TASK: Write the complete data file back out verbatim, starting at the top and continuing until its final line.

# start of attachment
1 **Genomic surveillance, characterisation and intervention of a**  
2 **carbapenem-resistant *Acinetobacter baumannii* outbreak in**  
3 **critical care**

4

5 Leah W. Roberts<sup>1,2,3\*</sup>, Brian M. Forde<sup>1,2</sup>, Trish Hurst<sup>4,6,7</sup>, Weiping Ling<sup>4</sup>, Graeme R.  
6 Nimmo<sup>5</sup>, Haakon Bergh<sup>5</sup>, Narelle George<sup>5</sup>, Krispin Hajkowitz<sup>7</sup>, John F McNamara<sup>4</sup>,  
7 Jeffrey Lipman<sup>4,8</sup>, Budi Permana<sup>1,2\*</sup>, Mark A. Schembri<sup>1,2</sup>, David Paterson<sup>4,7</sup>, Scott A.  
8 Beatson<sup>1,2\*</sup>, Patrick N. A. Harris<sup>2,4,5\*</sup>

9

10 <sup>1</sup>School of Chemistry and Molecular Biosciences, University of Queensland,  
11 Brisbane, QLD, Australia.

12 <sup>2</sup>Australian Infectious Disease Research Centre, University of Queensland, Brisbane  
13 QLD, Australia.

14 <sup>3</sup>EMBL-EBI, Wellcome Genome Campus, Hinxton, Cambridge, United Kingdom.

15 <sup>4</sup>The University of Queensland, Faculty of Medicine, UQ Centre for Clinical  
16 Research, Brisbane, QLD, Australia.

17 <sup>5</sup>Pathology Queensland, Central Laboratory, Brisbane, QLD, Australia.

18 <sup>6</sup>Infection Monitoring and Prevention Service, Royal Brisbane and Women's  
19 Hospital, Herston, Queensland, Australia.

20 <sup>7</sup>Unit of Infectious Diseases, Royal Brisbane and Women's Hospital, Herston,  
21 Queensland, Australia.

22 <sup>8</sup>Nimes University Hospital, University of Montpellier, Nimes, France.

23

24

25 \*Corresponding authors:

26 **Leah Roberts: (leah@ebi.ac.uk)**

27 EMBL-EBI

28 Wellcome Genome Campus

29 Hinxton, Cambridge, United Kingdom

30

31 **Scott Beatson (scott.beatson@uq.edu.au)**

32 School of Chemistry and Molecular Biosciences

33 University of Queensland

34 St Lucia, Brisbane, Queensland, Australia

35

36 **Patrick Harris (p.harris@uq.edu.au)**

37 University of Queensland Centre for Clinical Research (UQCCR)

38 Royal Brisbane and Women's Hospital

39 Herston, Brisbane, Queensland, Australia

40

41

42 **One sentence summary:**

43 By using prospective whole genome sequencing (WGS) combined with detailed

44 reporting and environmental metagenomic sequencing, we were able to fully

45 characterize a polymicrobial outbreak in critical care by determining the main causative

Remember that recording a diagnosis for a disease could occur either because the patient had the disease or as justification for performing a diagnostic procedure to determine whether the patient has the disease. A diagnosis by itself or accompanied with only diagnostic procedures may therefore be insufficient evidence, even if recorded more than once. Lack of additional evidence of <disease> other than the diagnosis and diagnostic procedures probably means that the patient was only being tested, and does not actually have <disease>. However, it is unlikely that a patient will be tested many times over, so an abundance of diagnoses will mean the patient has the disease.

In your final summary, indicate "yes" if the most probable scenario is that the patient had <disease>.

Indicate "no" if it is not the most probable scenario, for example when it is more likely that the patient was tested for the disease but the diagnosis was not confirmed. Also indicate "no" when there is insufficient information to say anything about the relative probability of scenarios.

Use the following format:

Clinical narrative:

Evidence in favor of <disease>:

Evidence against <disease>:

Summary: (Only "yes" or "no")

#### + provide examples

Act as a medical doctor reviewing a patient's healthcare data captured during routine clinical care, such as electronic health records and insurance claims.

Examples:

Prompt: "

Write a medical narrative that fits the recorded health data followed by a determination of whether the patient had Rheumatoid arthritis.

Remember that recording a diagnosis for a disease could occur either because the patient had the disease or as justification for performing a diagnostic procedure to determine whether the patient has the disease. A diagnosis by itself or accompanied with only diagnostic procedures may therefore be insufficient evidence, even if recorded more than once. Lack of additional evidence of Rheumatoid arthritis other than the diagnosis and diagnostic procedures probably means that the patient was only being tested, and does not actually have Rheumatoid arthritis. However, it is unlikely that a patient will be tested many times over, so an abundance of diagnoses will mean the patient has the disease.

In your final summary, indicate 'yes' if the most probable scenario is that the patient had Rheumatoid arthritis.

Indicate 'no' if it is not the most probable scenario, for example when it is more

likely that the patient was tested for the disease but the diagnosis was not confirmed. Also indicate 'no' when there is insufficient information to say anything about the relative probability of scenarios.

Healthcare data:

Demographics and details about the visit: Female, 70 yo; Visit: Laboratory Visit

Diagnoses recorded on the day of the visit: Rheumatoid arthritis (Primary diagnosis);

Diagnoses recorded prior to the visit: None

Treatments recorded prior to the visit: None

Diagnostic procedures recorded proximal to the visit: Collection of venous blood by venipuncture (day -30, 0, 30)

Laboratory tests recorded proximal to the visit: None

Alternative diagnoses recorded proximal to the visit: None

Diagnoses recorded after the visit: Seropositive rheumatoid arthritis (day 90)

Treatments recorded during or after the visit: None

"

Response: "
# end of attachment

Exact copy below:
1 **Genomic surveillance, characterisation and intervention of a**  
2 **carbapenem-resistant *Acinetobacter baumannii* outbreak in**  
3 **critical care**

4

5 Leah W. Roberts<sup>1,2,3\*</sup>, Brian M. Forde<sup>1,2</sup>, Trish Hurst<sup>4,6,7</sup>, Weiping Ling<sup>4</sup>, Graeme R.  
6 Nimmo<sup>5</sup>, Haakon Bergh<sup>5</sup>, Narelle George<sup>5</sup>, Krispin Hajkowitz<sup>7</sup>, John F McNamara<sup>4</sup>,  
7 Jeffrey Lipman<sup>4,8</sup>, Budi Permana<sup>1,2\*</sup>, Mark A. Schembri<sup>1,2</sup>, David Paterson<sup>4,7</sup>, Scott A.  
8 Beatson<sup>1,2\*</sup>, Patrick N. A. Harris<sup>2,4,5\*</sup>

9

10 <sup>1</sup>School of Chemistry and Molecular Biosciences, University of Queensland,  
11 Brisbane, QLD, Australia.

12 <sup>2</sup>Australian Infectious Disease Research Centre, University of Queensland, Brisbane  
13 QLD, Australia.

14 <sup>3</sup>EMBL-EBI, Wellcome Genome Campus, Hinxton, Cambridge, United Kingdom.

15 <sup>4</sup>The University of Queensland, Faculty of Medicine, UQ Centre for Clinical  
16 Research, Brisbane, QLD, Australia.

17 <sup>5</sup>Pathology Queensland, Central Laboratory, Brisbane, QLD, Australia.

18 <sup>6</sup>Infection Monitoring and Prevention Service, Royal Brisbane and Women's  
19 Hospital, Herston, Queensland, Australia.

20 <sup>7</sup>Unit of Infectious Diseases, Royal Brisbane and Women's Hospital, Herston,  
21 Queensland, Australia.

22 <sup>8</sup>Nimes University Hospital, University of Montpellier, Nimes, France.

23

24

25 \*Corresponding authors:

26 **Leah Roberts: (leah@ebi.ac.uk)**

27 EMBL-EBI

28 Wellcome Genome Campus

29 Hinxton, Cambridge, United Kingdom

30

31 **Scott Beatson (scott.beatson@uq.edu.au)**

32 School of Chemistry and Molecular Biosciences

33 University of Queensland

34 St Lucia, Brisbane, Queensland, Australia

35

36 **Patrick Harris (p.harris@uq.edu.au)**

37 University of Queensland Centre for Clinical Research (UQCCR)

38 Royal Brisbane and Women's Hospital

39 Herston, Brisbane, Queensland, Australia

40

41

42 **One sentence summary:**

43 By using prospective whole genome sequencing (WGS) combined with detailed

44 reporting and environmental metagenomic sequencing, we were able to fully

45 characterize a polymicrobial outbreak in critical care by determining the main causative

Remember that recording a diagnosis for a disease could occur either because the patient had the disease or as justification for performing a diagnostic procedure to determine whether the patient has the disease. A diagnosis by itself or accompanied with only diagnostic procedures may therefore be insufficient evidence, even if recorded more than once. Lack of additional evidence of <disease> other than the diagnosis and diagnostic procedures probably means that the patient was only being tested, and does not actually have <disease>. However, it is unlikely that a patient will be tested many times over, so an abundance of diagnoses will mean the patient has the disease.

In your final summary, indicate "yes" if the most probable scenario is that the patient had <disease>.

Indicate "no" if it is not the most probable scenario, for example when it is more likely that the patient was tested for the disease but the diagnosis was not confirmed. Also indicate "no" when there is insufficient information to say anything about the relative probability of scenarios.

Use the following format:

Clinical narrative:

Evidence in favor of <disease>:

Evidence against <disease>:

Summary: (Only "yes" or "no")

#### + provide examples

Act as a medical doctor reviewing a patient's healthcare data captured during routine clinical care, such as electronic health records and insurance claims.

Examples:

Prompt: "

Write a medical narrative that fits the recorded health data followed by a determination of whether the patient had Rheumatoid arthritis.

Remember that recording a diagnosis for a disease could occur either because the patient had the disease or as justification for performing a diagnostic procedure to determine whether the patient has the disease. A diagnosis by itself or accompanied with only diagnostic procedures may therefore be insufficient evidence, even if recorded more than once. Lack of additional evidence of Rheumatoid arthritis other than the diagnosis and diagnostic procedures probably means that the patient was only being tested, and does not actually have Rheumatoid arthritis. However, it is unlikely that a patient will be tested many times over, so an abundance of diagnoses will mean the patient has the disease.

In your final summary, indicate 'yes' if the most probable scenario is that the patient had Rheumatoid arthritis.

Indicate 'no' if it is not the most probable scenario, for example when it is more

likely that the patient was tested for the disease but the diagnosis was not confirmed. Also indicate 'no' when there is insufficient information to say anything about the relative probability of scenarios.

Healthcare data:

Demographics and details about the visit: Female, 70 yo; Visit: Laboratory Visit

Diagnoses recorded on the day of the visit: Rheumatoid arthritis (Primary diagnosis);

Diagnoses recorded prior to the visit: None

Treatments recorded prior to the visit: None

Diagnostic procedures recorded proximal to the visit: Collection of venous blood by venipuncture (day -30, 0, 30)

Laboratory tests recorded proximal to the visit: None

Alternative diagnoses recorded proximal to the visit: None

Diagnoses recorded after the visit: Seropositive rheumatoid arthritis (day 90)

Treatments recorded during or after the visit: None

"

Response: "